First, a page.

Boston is home to many prominent hospitals. Although both hospitals and digital health startups seek to improve healthcare, collaborations between them aren’t always easy. In Boston, however, health systems like Brigham and Women’s, Massachusetts General Hospital, and Boston Children’s Hospital have created processes to connect with digital health startups and facilitate the review and onboarding of proposed pilots and research studies.
Herald Health seeks to help doctors manage electronic medical records more effectively. It sends them push notifications with critical patient data on their pagers and phones. The startup launched in 2015 from an award-winning pitch at Brigham’s Digital Health Hackathon. It integrates with electronic health record systems such as Epic and Cerner, used at Brigham and Women’s and Boston Children’s hospitals, respectively.
More than 45 million couples worldwide experience challenges when trying to get pregnant. The eye-opening conversation with a doctor that brings to light the reality that you may not be able to grow your family in the way you always envisioned, can be heartbreaking. When the issue arises, the spotlight seems to automatically focus in on the woman. Despite men making up half our population, men’s health topics are not commonly discussed – in particular, men’s fertility. Supported by the Brigham Digital Innovation Hub and Brigham and Women’s Translational Accelerator, the team of Hadi Shafiee, PhD, a scientist at Brigham and Women’s Hospital, has created a smartphone-based test and application that can measure the quality of sperm and ultimately change the direction in patient care when it comes to male fertility issues.
Apple famously coined a phrase that has come to define our relationship with technology: “There’s an app for that.” The sentiment behind the 2009 slogan continues to resonate today in health care, as seen in the cutting-edge apps and gadgets showcased at a recent symposium hosted by the Brigham Digital Innovation Hub (iHub).
Recently, 13 rising stars in science, medicine and innovation at the Brigham were named on two separate “40 under 40” lists for their work to improve health care. The lists were compiled by Medtech Boston, an online publication highlighting medical innovation, and the National Minority Quality Forum (NMQF), a research and educational organization that strives to prepare the U.S. health system to provide optimal care for a diverse society.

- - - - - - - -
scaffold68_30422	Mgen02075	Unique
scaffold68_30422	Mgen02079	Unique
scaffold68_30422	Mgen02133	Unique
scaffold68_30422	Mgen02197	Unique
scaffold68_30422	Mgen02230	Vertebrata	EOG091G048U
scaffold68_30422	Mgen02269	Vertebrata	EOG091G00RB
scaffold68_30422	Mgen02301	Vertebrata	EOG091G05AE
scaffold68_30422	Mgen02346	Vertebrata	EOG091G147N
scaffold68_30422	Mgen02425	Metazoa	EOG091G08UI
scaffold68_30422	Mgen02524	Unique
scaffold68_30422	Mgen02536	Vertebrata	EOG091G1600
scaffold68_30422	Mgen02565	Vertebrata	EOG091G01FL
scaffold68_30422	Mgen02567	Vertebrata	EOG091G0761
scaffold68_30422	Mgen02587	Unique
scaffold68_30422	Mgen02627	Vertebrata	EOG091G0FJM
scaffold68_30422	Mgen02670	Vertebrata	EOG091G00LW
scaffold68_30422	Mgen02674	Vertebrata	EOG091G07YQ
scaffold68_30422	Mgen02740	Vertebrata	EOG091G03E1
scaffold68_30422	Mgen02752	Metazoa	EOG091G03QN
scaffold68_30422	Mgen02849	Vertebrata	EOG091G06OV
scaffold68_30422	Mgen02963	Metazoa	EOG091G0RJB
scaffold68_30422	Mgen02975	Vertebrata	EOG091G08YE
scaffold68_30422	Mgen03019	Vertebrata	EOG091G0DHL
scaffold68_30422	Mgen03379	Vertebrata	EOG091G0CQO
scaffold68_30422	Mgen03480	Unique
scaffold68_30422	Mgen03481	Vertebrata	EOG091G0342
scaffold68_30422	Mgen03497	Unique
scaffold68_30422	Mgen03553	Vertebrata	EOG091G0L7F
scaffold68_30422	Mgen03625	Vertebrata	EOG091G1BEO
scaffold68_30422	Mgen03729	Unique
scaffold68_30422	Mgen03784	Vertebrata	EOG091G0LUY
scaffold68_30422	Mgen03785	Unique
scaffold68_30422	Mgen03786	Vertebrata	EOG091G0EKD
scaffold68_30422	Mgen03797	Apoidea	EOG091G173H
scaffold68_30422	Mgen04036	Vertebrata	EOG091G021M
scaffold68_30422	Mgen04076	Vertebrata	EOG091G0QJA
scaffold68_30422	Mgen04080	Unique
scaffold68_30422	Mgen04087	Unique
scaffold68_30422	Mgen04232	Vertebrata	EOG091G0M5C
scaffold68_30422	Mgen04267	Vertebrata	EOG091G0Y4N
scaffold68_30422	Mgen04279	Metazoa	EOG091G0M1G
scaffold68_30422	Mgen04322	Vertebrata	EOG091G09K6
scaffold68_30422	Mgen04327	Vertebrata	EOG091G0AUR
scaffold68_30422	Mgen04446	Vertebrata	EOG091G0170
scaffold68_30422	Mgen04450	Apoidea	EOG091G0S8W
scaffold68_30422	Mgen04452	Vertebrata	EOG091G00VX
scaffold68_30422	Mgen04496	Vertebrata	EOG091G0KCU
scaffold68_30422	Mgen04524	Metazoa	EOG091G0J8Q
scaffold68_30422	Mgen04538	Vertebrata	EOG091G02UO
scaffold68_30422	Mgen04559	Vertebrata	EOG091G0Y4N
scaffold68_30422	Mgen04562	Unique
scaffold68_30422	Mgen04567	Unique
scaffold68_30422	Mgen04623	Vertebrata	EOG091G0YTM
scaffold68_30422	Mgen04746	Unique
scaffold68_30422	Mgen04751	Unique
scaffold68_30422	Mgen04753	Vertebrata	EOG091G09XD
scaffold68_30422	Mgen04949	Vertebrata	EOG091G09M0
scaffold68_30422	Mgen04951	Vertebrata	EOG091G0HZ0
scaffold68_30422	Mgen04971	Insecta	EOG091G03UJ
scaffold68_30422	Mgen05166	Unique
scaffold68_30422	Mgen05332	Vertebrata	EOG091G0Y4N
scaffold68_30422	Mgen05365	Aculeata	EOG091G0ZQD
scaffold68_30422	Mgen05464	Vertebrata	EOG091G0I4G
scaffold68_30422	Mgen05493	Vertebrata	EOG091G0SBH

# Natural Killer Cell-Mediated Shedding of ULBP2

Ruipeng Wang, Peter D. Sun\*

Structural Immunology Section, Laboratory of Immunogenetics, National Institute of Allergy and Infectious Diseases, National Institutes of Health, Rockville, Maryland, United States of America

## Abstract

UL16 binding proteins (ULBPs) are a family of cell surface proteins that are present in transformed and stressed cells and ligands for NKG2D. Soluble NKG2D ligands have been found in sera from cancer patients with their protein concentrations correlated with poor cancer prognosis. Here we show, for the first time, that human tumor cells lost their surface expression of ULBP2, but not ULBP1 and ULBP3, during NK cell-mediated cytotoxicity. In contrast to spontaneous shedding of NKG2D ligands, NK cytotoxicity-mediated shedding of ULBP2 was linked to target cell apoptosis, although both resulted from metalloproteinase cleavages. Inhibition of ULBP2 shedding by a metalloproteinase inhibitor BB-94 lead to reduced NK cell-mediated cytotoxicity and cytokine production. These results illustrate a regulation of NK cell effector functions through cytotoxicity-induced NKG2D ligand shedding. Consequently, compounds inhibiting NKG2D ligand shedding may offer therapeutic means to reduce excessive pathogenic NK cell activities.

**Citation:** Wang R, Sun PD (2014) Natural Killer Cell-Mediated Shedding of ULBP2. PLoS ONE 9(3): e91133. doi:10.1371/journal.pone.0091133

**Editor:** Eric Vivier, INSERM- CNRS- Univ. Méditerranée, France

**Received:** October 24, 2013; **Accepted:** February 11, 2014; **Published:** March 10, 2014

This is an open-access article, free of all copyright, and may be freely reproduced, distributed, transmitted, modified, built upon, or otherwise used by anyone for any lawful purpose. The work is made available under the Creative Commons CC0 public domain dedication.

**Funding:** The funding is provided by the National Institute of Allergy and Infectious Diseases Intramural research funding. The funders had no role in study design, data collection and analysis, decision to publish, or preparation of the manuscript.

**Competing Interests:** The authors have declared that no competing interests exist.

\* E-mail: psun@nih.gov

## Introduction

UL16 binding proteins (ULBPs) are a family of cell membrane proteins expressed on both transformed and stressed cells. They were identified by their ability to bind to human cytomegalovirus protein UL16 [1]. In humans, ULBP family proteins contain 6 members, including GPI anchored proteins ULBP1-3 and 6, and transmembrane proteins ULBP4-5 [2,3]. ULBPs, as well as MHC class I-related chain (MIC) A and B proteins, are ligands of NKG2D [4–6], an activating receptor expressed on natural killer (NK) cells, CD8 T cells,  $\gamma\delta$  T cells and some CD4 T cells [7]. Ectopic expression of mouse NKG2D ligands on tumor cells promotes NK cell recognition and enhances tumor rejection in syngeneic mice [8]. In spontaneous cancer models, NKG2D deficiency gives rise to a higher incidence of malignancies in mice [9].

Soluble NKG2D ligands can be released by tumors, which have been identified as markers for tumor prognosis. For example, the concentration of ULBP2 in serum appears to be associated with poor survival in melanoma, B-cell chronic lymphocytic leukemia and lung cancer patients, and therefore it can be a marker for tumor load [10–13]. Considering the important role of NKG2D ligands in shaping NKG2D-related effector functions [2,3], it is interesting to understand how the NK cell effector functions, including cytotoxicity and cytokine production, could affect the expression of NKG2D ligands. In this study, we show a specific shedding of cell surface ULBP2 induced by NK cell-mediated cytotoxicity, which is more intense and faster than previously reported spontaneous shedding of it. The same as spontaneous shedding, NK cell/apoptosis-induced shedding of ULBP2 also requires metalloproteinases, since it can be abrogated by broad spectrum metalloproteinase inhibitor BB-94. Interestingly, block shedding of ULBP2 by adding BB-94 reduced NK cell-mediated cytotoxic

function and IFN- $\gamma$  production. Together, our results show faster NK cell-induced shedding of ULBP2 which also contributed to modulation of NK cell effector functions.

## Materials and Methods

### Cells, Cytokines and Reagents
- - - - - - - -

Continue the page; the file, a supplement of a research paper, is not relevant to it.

On April 25th, the Brigham Innovation Hub Speaker Series will bring together a panel of pharma experts to discuss the current relationship between pharma and digital health, and how it will evolve in the future. The panel will include Rachel Sha from Sanofi, Luba Greenwood from Roche, Aman Bhandari from Merck, and Matt Schumacher from UCB; moderated by Naomi Fried from Health Innovation Strategies.
Before setting up the stools and microphones, we wanted to hear what the panel members already had on their minds. Pulling from their work and personal experiences, they shared with us some of their views and visions on the relationship between digital health and the pharma industry.
The idea came to Hadi Shafiee, PhD: what if you could use a cell phone to test for male infertility from the comfort of your own home? Shafiee’s lab at BWH focuses on developing technologies that use micro and nano-fabrication – devices with dimensions less than a millionth of a millimeter. The team has developed tools with applications in medicine and biology including point-of-care diagnostics for global health. But they had never developed something to test for infertility. To bring his inspiration from idea to reality, Shafiee would need the help of many experts outside of his lab.
Our digital technologies have been the answer to many of our daily hassles and challenges. It is a path we as society have entered and don’t plan on leaving. Could this be the path that the healthcare industry is moving too?
April iHub Speaker Series: David Feygin, Chief Digital Health Officer and VP of Information Technology, Boston Scientific.
The research team funded its efforts through a $10,000 Innovation Hub grant from Brigham and Women’s hospital. Petrozza anticipates that as designed, the tests could help customers identify a possible problem and prompt them make an appointment sooner. He also could foresee a day when the device could be synched to the cloud, allowing doctors to monitor patients’ fertility remotely.